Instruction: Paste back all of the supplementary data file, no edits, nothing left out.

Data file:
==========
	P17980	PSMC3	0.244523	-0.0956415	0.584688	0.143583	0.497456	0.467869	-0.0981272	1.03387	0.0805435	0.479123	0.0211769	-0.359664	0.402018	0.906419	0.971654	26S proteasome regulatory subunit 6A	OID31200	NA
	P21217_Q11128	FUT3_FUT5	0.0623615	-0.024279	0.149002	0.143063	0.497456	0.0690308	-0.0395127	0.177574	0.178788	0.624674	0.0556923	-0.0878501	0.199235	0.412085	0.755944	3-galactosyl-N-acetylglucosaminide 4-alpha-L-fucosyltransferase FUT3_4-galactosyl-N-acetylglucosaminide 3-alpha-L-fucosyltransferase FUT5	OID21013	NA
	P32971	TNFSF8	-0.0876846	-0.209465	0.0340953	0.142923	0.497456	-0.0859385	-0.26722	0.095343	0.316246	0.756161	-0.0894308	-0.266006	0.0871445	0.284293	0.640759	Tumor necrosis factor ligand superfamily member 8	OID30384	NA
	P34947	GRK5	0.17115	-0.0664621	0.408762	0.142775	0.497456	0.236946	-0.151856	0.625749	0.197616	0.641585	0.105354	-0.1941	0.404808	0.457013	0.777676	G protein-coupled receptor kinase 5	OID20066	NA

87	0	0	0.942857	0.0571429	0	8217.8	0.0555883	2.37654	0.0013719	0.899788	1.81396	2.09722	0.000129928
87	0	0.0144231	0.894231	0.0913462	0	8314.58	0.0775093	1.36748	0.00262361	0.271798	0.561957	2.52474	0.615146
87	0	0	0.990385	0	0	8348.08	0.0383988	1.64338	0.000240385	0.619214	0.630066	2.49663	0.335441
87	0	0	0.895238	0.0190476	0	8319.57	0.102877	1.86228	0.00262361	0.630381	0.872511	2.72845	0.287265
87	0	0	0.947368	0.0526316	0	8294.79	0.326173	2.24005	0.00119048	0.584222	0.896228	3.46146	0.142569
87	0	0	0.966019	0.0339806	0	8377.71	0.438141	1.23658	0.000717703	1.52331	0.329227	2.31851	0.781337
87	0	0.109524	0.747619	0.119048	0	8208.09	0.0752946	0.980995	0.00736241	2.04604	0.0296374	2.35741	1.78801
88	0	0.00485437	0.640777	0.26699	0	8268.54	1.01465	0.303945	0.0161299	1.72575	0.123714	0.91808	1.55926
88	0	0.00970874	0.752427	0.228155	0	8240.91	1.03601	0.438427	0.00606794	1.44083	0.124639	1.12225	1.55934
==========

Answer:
	P17980	PSMC3	0.244523	-0.0956415	0.584688	0.143583	0.497456	0.467869	-0.0981272	1.03387	0.0805435	0.479123	0.0211769	-0.359664	0.402018	0.906419	0.971654	26S proteasome regulatory subunit 6A	OID31200	NA
	P21217_Q11128	FUT3_FUT5	0.0623615	-0.024279	0.149002	0.143063	0.497456	0.0690308	-0.0395127	0.177574	0.178788	0.624674	0.0556923	-0.0878501	0.199235	0.412085	0.755944	3-galactosyl-N-acetylglucosaminide 4-alpha-L-fucosyltransferase FUT3_4-galactosyl-N-acetylglucosaminide 3-alpha-L-fucosyltransferase FUT5	OID21013	NA
	P32971	TNFSF8	-0.0876846	-0.209465	0.0340953	0.142923	0.497456	-0.0859385	-0.26722	0.095343	0.316246	0.756161	-0.0894308	-0.266006	0.0871445	0.284293	0.640759	Tumor necrosis factor ligand superfamily member 8	OID30384	NA
	P34947	GRK5	0.17115	-0.0664621	0.408762	0.142775	0.497456	0.236946	-0.151856	0.625749	0.197616	0.641585	0.105354	-0.1941	0.404808	0.457013	0.777676	G protein-coupled receptor kinase 5	OID20066	NA

87	0	0	0.942857	0.0571429	0	8217.8	0.0555883	2.37654	0.0013719	0.899788	1.81396	2.09722	0.000129928
87	0	0.0144231	0.894231	0.0913462	0	8314.58	0.0775093	1.36748	0.00262361	0.271798	0.561957	2.52474	0.615146
87	0	0	0.990385	0	0	8348.08	0.0383988	1.64338	0.000240385	0.619214	0.630066	2.49663	0.335441
87	0	0	0.895238	0.0190476	0	8319.57	0.102877	1.86228	0.00262361	0.630381	0.872511	2.72845	0.287265
87	0	0	0.947368	0.0526316	0	8294.79	0.326173	2.24005	0.00119048	0.584222	0.896228	3.46146	0.142569
87	0	0	0.966019	0.0339806	0	8377.71	0.438141	1.23658	0.000717703	1.52331	0.329227	2.31851	0.781337
87	0	0.109524	0.747619	0.119048	0	8208.09	0.0752946	0.980995	0.00736241	2.04604	0.0296374	2.35741	1.78801
88	0	0.00485437	0.640777	0.26699	0	8268.54	1.01465	0.303945	0.0161299	1.72575	0.123714	0.91808	1.55926
88	0	0.00970874	0.752427	0.228155	0	8240.91	1.03601	0.438427	0.00606794	1.44083	0.124639	1.12225	1.55934